In the nine months since the opening, the retailer has organized 102 events. “Think about 5 Carlos Place as a broadcaster,” he said, adding every initiative at the store is shared through Matches’ social channels and online platforms.
Altagamma’s managing director Stefania Lazzaroni agreed on the pivotal role played by experience in retail.
“The good point is that Italians are very good at offering experience, it’s in our heritage. We should become more aware of it and exploit, further expanding into retail,” she said. In particular, Lazzaroni believes that finding the right balance between off-line and online is crucial for Italian luxury companies. “To offer the right price in the right place is the most difficult issue,” she said, noting that brick-and-mortar retail has reached a saturation point and is even decreasing, while “the digital arena, which was quite mute here, is now picking up.”
“I hate when people say ‘store of the future.’ We don’t believe that in-your-face technology works. Technology should be in the background, should be silent, to provide the best customer experience,” Jerome stressed.
Despite being silent, technology has proved pivotal in enriching the customer’s journey. Jerome said content “boosts loyalty, it improves dwell time,” adding data showed a 33 percent higher valued spend among customers engaging with content on the web site.
Talking about the increasing competition online, Jerome touted Matches’ ability to understand the data it collects, which he believes will be key in boosting the company’s growth in the coming years. “Time is the most challenging aspect as online sales are growing and we need to gain those increasing market shares,” he explained.
If data allows for a better understanding of a company’s customer base, it’s essential that firms embrace a consumer centric approach, according to Davide Castelvero, head of client engagement and customer relation management at Marni.
“It’s very simple to collect data, but it’s extremely important to understand them. Tons of data cost a lot so you are forced to have the ability to leverage them,” he contended. “Keep in mind that financial results are driven by people: clients buying your products,” he stressed.
As an increasingly important asset for luxury brands, CRM functions should “raise to the c-suite position, otherwise you can’t influence the bigger decisions,” he explained noting “the most sophisticated companies should start thinking in terms of chief client officer [positions].”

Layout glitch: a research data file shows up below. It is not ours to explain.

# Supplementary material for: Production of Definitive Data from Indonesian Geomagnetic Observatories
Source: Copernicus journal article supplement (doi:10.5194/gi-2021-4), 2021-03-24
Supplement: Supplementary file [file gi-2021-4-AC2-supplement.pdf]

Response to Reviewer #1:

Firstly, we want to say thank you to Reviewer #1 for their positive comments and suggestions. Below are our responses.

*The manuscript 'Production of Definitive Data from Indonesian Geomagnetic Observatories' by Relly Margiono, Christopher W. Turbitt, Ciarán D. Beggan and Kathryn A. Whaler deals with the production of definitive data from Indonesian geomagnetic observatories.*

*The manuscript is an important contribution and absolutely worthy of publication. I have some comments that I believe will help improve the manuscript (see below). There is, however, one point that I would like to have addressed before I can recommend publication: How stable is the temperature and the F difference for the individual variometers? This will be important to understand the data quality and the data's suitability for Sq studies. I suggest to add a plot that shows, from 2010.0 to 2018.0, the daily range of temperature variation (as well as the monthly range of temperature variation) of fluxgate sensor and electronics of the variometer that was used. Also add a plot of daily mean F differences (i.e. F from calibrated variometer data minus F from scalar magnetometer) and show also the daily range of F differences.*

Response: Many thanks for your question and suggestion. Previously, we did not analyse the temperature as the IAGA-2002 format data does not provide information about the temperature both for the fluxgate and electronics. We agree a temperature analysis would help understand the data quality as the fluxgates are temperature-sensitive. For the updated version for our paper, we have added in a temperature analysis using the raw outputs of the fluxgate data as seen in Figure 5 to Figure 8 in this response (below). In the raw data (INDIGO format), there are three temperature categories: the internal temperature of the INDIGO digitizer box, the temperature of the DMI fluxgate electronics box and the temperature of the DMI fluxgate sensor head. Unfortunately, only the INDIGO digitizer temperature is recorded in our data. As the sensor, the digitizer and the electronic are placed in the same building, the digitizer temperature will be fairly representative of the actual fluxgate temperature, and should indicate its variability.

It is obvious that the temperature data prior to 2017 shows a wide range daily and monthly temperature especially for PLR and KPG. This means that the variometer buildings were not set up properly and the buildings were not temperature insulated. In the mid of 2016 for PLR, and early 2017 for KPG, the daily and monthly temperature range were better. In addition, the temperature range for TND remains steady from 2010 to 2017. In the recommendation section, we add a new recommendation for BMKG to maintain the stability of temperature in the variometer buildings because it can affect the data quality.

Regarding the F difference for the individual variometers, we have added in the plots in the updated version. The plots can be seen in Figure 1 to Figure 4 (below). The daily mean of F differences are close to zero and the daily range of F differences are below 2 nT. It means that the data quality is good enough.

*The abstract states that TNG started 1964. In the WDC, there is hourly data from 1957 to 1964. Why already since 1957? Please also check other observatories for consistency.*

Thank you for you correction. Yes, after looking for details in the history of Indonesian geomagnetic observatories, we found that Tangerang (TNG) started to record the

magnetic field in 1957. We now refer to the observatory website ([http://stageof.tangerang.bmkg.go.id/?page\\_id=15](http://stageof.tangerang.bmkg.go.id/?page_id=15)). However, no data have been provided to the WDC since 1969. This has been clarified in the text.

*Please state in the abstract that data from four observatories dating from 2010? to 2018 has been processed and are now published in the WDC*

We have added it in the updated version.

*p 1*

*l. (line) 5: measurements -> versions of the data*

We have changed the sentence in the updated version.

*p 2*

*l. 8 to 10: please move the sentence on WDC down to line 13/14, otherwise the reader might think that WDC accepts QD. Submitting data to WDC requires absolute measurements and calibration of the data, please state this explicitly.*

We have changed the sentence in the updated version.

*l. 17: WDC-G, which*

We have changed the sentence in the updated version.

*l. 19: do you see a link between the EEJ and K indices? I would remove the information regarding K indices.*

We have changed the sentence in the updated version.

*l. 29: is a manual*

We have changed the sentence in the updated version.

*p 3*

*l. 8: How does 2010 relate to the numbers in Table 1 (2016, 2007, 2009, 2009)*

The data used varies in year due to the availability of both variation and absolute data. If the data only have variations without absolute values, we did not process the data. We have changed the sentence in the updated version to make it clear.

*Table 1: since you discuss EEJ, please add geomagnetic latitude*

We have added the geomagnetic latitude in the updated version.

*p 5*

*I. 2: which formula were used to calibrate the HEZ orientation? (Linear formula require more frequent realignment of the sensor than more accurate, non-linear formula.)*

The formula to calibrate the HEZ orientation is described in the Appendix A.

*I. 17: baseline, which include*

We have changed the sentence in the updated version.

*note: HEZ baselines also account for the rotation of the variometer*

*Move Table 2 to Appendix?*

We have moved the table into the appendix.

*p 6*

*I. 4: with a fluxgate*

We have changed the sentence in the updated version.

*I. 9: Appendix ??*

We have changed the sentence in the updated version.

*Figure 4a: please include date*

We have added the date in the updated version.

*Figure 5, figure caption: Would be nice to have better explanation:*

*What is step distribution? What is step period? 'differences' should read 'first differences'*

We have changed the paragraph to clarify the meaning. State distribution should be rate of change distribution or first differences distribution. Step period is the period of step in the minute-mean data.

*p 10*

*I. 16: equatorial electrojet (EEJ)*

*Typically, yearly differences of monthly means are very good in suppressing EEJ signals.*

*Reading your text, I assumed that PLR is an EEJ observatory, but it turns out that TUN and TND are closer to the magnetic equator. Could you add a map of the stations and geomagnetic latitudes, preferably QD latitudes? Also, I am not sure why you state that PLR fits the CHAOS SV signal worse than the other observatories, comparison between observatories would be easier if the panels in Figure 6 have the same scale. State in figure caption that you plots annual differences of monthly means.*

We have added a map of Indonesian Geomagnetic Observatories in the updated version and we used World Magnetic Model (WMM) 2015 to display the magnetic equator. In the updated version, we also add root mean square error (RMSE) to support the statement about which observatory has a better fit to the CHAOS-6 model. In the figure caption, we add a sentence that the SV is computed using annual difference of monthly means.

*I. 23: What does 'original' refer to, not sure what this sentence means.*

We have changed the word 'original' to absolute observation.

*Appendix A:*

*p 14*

“Customers are still changing faster than business does and the brands that are rising to the top and overtaking the competition are those really relevant and responsive,” noted Lidi Grimaldi, managing director at Interbrand, presenting the firm’s Best Global Brands report for 2018 to the audience, which, as reported, saw luxury as the top-growing sector in percentage terms, with a 42 percent growth.
The luxury industry was able to leverage “cultural symbiosis, meaning it is able to be always in tune with customers, and experience governance, as it controls the experience from the upstream end downward,” Grimaldi offered, mentioning Gucci and Balenciaga among the bravest and most disruptive luxury labels.
“The competitive advantage is dead in our era, and luxury brands succeeded because of their business model structured to run fast,” Grimaldi added.
In addition to fueling engagement for customers, both mass and premium labels often observe the Chinese consumers as the benchmark for future growth. These were defined as “superconsumers” by Andrea Fenn, ceo of Fireworks, a consultancy firm based in the Asian country which offers digital solution to international brands aiming to enter the market.
“China is probably the most digitalized place in the world, people have their faces always stuck on their [mobile devices’] screens,” he said, noting the country moved “from practically the lack of opportunity, straight to the abundance of technology.”
According to Fenn, digital and technology-based solutions penetrate the Chinese market more rapidly then elsewhere. He noted e-commerce took 14 years to take off in the U.S. as opposed to nine years in China while online payment methods penetrated 50 percent of consumers in four in the Asian country, while the U.S. are still lagging behind.
Triggered by the highly engaged use of social media, the abundance of marketplaces and the rising business opportunities, Fenn said customers in the country are “influencers and brands themselves,” thus making it harder for luxury labels with a heritage to maintain their influence and brand awareness.
“Sometimes consumers are more influential than you as a brand or they run a business that is more influential than you,” he explained.
Meanwhile, Lazzaroni focused on the state and future scenario of Italian luxury players, most of which are family-run, and the difficulty in adapting to the times introducing in their top management structure new, external managers and roles.
Among the future challenges for the Italian fashion industry in general, Lazzaroni mentioned the scarcity of trained professional figures to cover craftsmanship roles that are at the very core of the national manufacturing reputation and are the most sought after by luxury companies. According to Lazzaroni, in 10 years about 50,000 job positions will be missing, a gap driven by institutional and technical problems as schools are managed independently by each region. “We also need to work on the reputation of these jobs, enhance the understanding that they’re opportunities for money and for working in beautiful companies,” she concluded.